Gyros are traditionally a Greek food made with slices of spiced meat that have been cooked on a spit or a vertical rotisserie and served with a salad, all wrapped up in a pita or flatbread. Gyro (pronounced YEAR-O or YEE-RO) comes from the Greek guros, meaning “a ring”, relative to the rotating spit that the meat is cooked on. Following World War II, the Doner Kebab appeared in Athens by immigrants from Anatolia and the Middle East. It was a type of kebab made from stacked and seasoned lamb skewered and put on a vertical spit. As the meat cooked and crisped on the outside, it was thinly sliced or shaved from the rotisserie. It was sometimes plated and served with a salad, or more commonly stuffed in a pita or flatbread. The vertical rotisserie goes as far back as the Ottoman Empire and the town of Bursa (in modern-day Turkey) is considered the birthplace of the vertically roasted kebab, first as an entire roasted leg of lamb.
In Greece, gyros are common among street vendors and typically made with pork. Chicken is popular and lamb or beef are found more rarely. Customarily, Greek-American gyro meat is usually made with a finely ground mixture of beef and lamb, mixed with spices including cumin, oregano, thyme, and rosemary. The cut slices of seared meat are piled into pita breads and topped off with tzatziki sauce, red onions, tomatoes, feta cheese, and a sprinkling of dried oregano.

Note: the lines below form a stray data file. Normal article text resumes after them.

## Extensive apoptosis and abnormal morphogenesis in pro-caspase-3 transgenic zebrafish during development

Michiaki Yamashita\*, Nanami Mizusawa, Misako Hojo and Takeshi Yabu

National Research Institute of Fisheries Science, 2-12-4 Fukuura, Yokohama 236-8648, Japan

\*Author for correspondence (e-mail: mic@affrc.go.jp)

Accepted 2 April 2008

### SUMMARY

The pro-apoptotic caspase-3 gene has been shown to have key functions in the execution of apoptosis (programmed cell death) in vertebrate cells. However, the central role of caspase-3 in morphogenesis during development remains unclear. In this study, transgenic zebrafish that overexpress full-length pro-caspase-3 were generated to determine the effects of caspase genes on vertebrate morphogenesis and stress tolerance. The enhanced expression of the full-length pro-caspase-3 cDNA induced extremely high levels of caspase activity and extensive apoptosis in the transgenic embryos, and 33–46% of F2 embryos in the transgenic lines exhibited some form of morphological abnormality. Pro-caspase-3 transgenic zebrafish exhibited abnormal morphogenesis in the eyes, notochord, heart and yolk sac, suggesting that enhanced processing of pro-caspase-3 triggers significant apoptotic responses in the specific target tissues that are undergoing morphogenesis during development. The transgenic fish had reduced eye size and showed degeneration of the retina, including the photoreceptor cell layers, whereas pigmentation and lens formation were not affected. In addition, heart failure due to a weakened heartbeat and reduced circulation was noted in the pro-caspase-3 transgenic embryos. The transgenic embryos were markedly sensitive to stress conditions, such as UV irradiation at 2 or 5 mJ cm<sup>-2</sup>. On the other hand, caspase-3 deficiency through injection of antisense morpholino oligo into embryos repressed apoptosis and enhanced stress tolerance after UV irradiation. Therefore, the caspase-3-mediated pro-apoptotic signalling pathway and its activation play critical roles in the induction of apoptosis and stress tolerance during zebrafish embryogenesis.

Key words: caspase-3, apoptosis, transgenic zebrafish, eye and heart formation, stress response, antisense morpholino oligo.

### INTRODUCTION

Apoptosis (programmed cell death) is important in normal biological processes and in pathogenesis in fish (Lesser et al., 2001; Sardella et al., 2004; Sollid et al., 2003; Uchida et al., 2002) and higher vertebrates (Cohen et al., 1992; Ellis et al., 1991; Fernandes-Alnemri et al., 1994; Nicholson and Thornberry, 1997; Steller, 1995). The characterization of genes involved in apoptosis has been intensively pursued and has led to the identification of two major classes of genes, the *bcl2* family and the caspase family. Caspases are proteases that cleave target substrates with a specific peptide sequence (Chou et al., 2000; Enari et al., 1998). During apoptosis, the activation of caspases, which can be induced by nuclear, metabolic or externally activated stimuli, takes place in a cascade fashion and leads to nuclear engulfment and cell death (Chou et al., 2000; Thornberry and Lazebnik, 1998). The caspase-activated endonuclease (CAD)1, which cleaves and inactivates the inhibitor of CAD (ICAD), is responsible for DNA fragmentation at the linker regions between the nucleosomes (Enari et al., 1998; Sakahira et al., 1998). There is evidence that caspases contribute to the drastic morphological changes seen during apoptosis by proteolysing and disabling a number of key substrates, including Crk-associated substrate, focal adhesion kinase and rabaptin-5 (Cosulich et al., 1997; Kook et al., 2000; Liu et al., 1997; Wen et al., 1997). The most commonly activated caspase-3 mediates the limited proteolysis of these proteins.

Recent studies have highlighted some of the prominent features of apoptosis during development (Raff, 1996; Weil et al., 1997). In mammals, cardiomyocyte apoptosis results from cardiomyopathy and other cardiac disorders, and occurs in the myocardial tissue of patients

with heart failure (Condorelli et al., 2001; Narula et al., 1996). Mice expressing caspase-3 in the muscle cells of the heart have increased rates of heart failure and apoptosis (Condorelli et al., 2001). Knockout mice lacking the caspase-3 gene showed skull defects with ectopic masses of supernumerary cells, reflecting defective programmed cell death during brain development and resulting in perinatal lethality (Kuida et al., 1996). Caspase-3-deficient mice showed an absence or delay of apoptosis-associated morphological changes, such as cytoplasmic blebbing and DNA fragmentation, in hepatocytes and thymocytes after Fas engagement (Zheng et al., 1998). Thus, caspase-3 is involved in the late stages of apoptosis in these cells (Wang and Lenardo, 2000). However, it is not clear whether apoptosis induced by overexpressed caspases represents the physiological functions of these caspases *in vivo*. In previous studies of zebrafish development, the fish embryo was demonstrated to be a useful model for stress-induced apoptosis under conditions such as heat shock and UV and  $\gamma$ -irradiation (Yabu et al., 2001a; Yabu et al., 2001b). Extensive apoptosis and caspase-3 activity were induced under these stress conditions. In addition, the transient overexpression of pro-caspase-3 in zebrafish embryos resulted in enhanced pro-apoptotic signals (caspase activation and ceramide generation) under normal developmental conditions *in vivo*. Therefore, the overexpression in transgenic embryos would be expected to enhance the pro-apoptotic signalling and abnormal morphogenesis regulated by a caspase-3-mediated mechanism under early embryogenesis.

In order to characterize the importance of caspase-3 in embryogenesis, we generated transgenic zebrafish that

Feta is a brined curd white cheese made in Greece from sheep’s, goat’s, or sometimes cow’s milk. The Greek word Feta actually translates to “slice”, as it is packaged and sold in blocks. In Europe, feta is traditionally produced using only whole milk, rather than pasteurized. The finished produce has a slightly grainy texture in comparison to other cheeses and is either served in slices, cubed, or crumbled (rather than grated or shredded). There are a lot of wonderful cheese makers out there and farmstead feta can be found at a lot of local farmers markets. We love to visit our local Texas Goat Dairy Farm for feta, but if you don’t have access the grocery stores sell many brands and varieties too.
Tzatziki, commonly used as a dip or a sauce, consists of a yogurt base, with cucumbers, garlic, salt, olive oil, and sometimes lemon juice, dill, mint, or parsley. It can be served as a refreshing vegetable dip or as a sauce alongside flatbread or falafel. It also can be used as a type of “dressing” for salads and goes beautifully atop the components of a Greek gyro.
Some Gyros also include Falafel – a deep-fried ball, or flat patty, made from ground chickpeas, fava beans, or both. Herbs, spices, and onion are commonly added to the dough. It most like originated in Egypt, but is present in Greek cuisine, found in gyros alongside the traditional meats and on its own as a vegetarian option.
The Inspired Burger
My husband and I LOVE gyros. They’re deliciously satisfying and provide a taste of “something different” when we’re tired of the mundane dinner options. Our love of gyros combined with the “what’s for dinner, tonight” question inspired these delicious gyro burgers. And let me tell you, they’re a hit any way you serve them. Try them as full-on mouthwatering burgers or make the slider version for your next small group gathering. Party plans? Ditch the buns and roll the meat into bite-size meatballs and serve skewered with a leaf or two or fresh mint and tzatziki sauce to dip into on the side.
A Simple Feta Tzatziki Spread (From Anne Burrell)
- 2 cups plain Greek yogurt
- 1/2 cup crumbled feta
- 1 Tbl. white wine vinegar
- 2 cloves garlic, smashed and finely chopped
- 2 sprigs fresh mint leaves, finely chopped or chiffonade
- 1 small bunch fresh dill, finely chopped
- 1/2 English cucumber, coarsely grated
- Kosher salt
Combine the yogurt, feta, vinegar, garlic, mint, dill and cucumbers. Season with salt. Let sit for at least 1 hour at room temperature before serving.